Indiana Reinstates Ban on Telemedicine Abortion Consultations, Requires In-Person Exam

Indiana reinstated a ban on telemedicine consultations between doctors and women seeking abortions, instead requiring in-person examinations after a federal appeals court overturned a judge's ruling that the restrictions were unconstitutional.

Restrictions on abortion consultations and procedures were reimplemented after a 2-1 ruling Wednesday by the 7th Circuit Court of Appeals, allowing Indiana to continue to enforce the laws while the court considers a full appeal of the case.

In addition to the telemedicine ban, laws require in-person examinations by a doctor before medication-induced abortions can be performed and second-trimester abortions outside of hospitals or surgery centers are prohibited.

In her dissent, appeals court Judge Diane Wood wrote that the "benefits of Indiana's law are illusory, while its burdens are very tangible."

Indiana's laws "impose an undue burden on the set of women for whom the law makes a difference — Indiana women of limited means who cannot leave their jobs, pay for extensive travel, obtain access to cars, and potentially go out of state, simply to obtain a lawful abortion," Woods wrote.

For more reporting from the Associated Press, see below.

Supreme Court Abortion Protest
An appeals court ruling allowed Indiana to continue enforcing its laws that put restrictions on abortion consultations and procedures. Supporters of Judge Amy Coney Barrett and pro-abortion rights supporters gather outside of the U.S. Supreme Court on Capitol Hill on Oct. 26, 2020 in Washington, DC. Olivier Douliery/AFP via Getty Images

The Court of Appeals said District Court Judge Sarah Evans Barker's ruling last month was inconsistent with previous Supreme Court decisions and reinstated Indiana's abortion restrictions.

"Plaintiffs contend, and the district court found, that developments in videoconferencing make it possible to dispense with in-person meetings, that improvements in medicine make the use of hospitals or surgical centers unnecessary, and that nurses are competent to approve and monitor medication-induced abortions," the ruling said. "The district court concluded that these findings permit it to depart from the holdings of earlier cases. Yet the Supreme Court insists that it alone has the authority to modify its precedents."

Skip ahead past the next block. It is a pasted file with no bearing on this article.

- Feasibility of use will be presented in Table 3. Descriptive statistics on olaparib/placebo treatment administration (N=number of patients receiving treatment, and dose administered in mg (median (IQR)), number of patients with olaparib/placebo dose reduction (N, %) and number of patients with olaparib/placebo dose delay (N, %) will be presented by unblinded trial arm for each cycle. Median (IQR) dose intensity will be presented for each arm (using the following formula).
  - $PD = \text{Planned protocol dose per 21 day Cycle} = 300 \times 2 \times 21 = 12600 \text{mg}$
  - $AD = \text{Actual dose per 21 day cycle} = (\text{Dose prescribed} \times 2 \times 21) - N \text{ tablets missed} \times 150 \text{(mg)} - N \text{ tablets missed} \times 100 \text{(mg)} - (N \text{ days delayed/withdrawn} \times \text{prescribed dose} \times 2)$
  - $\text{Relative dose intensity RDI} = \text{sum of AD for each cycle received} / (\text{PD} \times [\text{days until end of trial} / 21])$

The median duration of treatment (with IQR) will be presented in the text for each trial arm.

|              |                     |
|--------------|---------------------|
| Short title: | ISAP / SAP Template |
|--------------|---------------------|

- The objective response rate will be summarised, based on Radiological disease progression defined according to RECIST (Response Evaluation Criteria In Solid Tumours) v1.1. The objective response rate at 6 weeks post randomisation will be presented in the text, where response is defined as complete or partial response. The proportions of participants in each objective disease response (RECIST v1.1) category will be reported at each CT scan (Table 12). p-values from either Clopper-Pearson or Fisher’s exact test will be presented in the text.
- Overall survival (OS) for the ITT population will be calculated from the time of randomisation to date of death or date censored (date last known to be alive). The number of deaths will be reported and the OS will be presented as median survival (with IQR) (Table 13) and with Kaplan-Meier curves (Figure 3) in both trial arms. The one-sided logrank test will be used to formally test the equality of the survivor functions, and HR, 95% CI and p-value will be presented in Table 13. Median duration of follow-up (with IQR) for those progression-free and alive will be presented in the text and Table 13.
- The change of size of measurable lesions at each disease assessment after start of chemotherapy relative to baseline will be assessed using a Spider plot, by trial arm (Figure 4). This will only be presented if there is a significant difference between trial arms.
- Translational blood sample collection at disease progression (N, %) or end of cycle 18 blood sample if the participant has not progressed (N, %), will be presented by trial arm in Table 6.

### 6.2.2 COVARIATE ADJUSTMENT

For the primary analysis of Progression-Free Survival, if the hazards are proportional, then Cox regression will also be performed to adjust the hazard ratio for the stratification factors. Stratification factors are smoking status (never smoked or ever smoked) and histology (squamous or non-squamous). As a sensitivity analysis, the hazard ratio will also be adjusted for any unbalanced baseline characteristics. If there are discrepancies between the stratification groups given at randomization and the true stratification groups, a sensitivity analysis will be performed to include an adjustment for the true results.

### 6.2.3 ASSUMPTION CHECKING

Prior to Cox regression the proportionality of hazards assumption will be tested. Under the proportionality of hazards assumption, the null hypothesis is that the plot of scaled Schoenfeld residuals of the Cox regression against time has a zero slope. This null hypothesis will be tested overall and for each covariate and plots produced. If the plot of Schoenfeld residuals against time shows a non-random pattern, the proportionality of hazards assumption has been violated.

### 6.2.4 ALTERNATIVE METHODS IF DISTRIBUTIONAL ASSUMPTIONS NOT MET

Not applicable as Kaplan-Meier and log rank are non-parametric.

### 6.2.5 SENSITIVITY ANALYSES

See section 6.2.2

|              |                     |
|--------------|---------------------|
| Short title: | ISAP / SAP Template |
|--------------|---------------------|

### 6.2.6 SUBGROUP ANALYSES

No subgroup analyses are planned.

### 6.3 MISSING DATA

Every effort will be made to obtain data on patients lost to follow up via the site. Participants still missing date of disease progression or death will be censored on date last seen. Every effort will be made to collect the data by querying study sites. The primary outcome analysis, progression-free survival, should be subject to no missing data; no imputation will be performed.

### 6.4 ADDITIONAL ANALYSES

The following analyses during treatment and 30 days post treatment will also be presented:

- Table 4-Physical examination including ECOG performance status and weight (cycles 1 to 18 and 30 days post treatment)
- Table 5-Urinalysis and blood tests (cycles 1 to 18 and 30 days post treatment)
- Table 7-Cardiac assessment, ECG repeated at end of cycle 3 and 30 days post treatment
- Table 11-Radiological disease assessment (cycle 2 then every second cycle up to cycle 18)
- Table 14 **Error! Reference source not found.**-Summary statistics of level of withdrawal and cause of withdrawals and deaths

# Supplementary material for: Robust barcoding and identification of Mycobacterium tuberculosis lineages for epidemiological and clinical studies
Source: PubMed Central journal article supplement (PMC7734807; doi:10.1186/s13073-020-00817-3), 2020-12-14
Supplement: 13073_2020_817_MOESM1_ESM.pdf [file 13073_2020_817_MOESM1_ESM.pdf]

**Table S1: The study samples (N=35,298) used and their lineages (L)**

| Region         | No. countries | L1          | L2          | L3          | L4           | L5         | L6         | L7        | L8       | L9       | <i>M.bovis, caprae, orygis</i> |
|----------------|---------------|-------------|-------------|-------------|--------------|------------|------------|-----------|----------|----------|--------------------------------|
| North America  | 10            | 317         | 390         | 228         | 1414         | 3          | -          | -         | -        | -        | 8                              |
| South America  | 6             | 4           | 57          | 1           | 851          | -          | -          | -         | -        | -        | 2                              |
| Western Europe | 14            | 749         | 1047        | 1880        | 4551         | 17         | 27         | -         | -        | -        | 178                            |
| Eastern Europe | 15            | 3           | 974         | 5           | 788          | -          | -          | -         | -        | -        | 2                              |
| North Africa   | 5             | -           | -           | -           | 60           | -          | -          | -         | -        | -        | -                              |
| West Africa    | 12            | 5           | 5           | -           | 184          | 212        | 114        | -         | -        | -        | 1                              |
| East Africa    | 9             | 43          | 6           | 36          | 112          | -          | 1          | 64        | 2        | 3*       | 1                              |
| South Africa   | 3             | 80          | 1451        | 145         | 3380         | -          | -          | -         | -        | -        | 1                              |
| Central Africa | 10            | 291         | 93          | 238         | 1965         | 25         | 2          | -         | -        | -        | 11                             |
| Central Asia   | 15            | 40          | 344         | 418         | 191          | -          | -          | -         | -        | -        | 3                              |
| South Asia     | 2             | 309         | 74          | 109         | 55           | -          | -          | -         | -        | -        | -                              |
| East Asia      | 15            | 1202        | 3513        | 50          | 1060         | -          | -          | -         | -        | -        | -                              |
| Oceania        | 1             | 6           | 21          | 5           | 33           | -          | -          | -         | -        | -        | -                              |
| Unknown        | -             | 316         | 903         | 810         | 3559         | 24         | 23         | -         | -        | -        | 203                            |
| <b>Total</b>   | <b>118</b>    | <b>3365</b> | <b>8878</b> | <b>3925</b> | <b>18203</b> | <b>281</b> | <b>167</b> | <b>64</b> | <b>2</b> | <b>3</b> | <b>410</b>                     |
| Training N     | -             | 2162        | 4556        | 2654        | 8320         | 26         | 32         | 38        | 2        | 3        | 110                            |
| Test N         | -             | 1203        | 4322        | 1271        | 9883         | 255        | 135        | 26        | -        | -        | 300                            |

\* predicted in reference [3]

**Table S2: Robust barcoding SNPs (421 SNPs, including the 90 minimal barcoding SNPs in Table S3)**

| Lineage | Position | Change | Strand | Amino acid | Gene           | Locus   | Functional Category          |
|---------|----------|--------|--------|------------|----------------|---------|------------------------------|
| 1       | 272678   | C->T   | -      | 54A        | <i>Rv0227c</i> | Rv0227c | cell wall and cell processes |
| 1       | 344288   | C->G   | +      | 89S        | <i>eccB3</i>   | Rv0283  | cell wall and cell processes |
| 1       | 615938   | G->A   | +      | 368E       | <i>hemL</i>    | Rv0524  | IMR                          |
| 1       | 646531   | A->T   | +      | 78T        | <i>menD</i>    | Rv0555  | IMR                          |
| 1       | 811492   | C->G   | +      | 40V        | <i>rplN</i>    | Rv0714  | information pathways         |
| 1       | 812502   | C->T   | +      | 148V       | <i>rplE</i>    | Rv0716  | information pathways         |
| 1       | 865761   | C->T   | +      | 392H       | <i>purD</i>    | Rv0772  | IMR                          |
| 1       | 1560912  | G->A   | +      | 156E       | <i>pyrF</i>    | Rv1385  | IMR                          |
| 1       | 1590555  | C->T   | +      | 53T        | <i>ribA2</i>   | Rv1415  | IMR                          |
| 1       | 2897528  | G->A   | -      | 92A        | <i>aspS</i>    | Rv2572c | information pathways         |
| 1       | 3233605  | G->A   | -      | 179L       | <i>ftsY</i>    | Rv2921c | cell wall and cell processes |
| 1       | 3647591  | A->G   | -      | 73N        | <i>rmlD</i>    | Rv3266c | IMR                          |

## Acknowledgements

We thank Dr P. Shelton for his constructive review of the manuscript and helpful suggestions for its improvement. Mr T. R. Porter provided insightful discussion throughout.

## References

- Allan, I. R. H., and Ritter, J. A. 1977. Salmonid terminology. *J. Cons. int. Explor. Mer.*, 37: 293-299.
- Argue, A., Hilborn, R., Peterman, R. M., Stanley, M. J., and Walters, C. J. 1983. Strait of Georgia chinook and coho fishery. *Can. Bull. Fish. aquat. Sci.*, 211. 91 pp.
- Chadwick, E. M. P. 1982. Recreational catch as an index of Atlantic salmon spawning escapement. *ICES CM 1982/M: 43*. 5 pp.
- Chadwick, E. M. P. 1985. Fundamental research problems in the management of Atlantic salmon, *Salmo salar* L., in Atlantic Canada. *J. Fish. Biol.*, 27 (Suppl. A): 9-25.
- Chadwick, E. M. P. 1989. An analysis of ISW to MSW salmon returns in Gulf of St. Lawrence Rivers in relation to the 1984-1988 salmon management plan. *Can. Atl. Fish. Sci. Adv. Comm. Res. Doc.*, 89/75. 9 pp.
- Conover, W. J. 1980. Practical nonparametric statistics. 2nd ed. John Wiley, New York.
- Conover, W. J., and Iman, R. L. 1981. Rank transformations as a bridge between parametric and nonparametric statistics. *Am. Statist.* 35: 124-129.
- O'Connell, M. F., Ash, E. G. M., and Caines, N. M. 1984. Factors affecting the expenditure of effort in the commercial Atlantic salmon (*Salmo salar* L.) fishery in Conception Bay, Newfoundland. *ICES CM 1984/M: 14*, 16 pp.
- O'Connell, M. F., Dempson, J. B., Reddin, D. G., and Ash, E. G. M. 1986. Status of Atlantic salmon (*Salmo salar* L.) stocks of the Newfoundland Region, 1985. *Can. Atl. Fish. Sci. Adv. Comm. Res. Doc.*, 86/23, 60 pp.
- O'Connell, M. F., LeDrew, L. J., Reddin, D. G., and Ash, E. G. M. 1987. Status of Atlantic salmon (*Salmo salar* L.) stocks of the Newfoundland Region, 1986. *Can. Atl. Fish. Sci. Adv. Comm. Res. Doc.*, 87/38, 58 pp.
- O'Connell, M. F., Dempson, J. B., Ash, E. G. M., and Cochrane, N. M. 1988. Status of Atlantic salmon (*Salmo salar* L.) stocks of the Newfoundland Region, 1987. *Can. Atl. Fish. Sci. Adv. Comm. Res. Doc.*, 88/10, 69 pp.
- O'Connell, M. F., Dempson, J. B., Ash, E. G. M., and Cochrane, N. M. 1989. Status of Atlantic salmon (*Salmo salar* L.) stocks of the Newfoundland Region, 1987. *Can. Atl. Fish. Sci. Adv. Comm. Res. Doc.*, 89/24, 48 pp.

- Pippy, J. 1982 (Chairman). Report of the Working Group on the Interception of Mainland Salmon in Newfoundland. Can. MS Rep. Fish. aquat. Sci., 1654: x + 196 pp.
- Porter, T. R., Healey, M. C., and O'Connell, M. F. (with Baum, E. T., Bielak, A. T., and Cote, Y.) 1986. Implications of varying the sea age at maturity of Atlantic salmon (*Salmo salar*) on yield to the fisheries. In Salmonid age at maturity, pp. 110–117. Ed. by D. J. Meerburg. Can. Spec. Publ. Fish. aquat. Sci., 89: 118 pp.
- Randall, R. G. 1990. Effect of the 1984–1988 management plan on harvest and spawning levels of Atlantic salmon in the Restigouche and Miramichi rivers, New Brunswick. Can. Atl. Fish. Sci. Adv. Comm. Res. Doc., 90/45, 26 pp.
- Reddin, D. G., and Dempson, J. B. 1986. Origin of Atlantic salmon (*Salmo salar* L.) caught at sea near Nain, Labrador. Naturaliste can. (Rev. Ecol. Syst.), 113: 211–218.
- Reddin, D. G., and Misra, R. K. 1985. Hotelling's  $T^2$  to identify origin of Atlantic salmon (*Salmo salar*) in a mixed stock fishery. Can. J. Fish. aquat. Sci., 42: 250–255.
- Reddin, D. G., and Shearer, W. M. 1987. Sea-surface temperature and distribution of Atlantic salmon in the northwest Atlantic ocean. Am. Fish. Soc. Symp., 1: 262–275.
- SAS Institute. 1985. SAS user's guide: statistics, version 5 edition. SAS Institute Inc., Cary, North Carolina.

Barker, who was nominated as a federal judge in 1984 by President Ronald Reagan, had ruled that the state didn't have the constitutional authority to restrict the use of virtual telemedicine services to women seeking medication abortions without providing evidence that it benefitted the women's health.

The Indiana attorney general's office argued in its appeal of Barker's decision that "the Constitution does not require state legislatures constantly to update state statutes to keep up with ever-advancing technologies just because those technologies may make abortion more convenient."

Drug-induced abortions made up 55 percent of those performed in Indiana last year, according to the state health department.

The Indiana abortion restrictions were challenged in a broad lawsuit filed by Virginia-based Whole Woman's Health Alliance and other abortion-rights supporters in 2018 as Whole Woman's Health fought the state's denial of a license to open an abortion clinic in South Bend.

Lawyers for Whole Woman's Health didn't immediately comment Thursday on the appeals court ruling.